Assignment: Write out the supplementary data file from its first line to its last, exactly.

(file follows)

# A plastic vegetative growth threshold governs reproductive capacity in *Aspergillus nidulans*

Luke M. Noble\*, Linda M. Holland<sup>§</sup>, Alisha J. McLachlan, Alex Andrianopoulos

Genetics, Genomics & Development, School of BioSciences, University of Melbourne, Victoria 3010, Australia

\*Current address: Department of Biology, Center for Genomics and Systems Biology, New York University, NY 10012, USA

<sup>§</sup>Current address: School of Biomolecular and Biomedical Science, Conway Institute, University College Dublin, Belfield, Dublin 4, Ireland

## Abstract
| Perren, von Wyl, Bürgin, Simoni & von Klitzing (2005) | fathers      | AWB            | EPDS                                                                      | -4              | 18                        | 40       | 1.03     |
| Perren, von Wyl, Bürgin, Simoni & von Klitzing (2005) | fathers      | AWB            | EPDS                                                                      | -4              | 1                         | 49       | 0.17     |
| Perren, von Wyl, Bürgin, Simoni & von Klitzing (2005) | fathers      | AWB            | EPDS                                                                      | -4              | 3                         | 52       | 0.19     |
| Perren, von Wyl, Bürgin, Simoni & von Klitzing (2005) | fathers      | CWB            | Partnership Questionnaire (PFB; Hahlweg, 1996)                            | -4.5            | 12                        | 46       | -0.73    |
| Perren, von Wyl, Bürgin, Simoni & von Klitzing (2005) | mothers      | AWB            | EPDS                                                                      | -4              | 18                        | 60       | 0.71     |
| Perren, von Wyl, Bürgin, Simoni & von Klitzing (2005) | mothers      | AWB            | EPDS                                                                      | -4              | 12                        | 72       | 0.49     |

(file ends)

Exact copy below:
# A plastic vegetative growth threshold governs reproductive capacity in *Aspergillus nidulans*

Luke M. Noble\*, Linda M. Holland<sup>§</sup>, Alisha J. McLachlan, Alex Andrianopoulos

Genetics, Genomics & Development, School of BioSciences, University of Melbourne, Victoria 3010, Australia

\*Current address: Department of Biology, Center for Genomics and Systems Biology, New York University, NY 10012, USA

<sup>§</sup>Current address: School of Biomolecular and Biomedical Science, Conway Institute, University College Dublin, Belfield, Dublin 4, Ireland

## Abstract
| Perren, von Wyl, Bürgin, Simoni & von Klitzing (2005) | fathers      | AWB            | EPDS                                                                      | -4              | 18                        | 40       | 1.03     |
| Perren, von Wyl, Bürgin, Simoni & von Klitzing (2005) | fathers      | AWB            | EPDS                                                                      | -4              | 1                         | 49       | 0.17     |
| Perren, von Wyl, Bürgin, Simoni & von Klitzing (2005) | fathers      | AWB            | EPDS                                                                      | -4              | 3                         | 52       | 0.19     |
| Perren, von Wyl, Bürgin, Simoni & von Klitzing (2005) | fathers      | CWB            | Partnership Questionnaire (PFB; Hahlweg, 1996)                            | -4.5            | 12                        | 46       | -0.73    |
| Perren, von Wyl, Bürgin, Simoni & von Klitzing (2005) | mothers      | AWB            | EPDS                                                                      | -4              | 18                        | 60       | 0.71     |
| Perren, von Wyl, Bürgin, Simoni & von Klitzing (2005) | mothers      | AWB            | EPDS                                                                      | -4              | 12                        | 72       | 0.49     |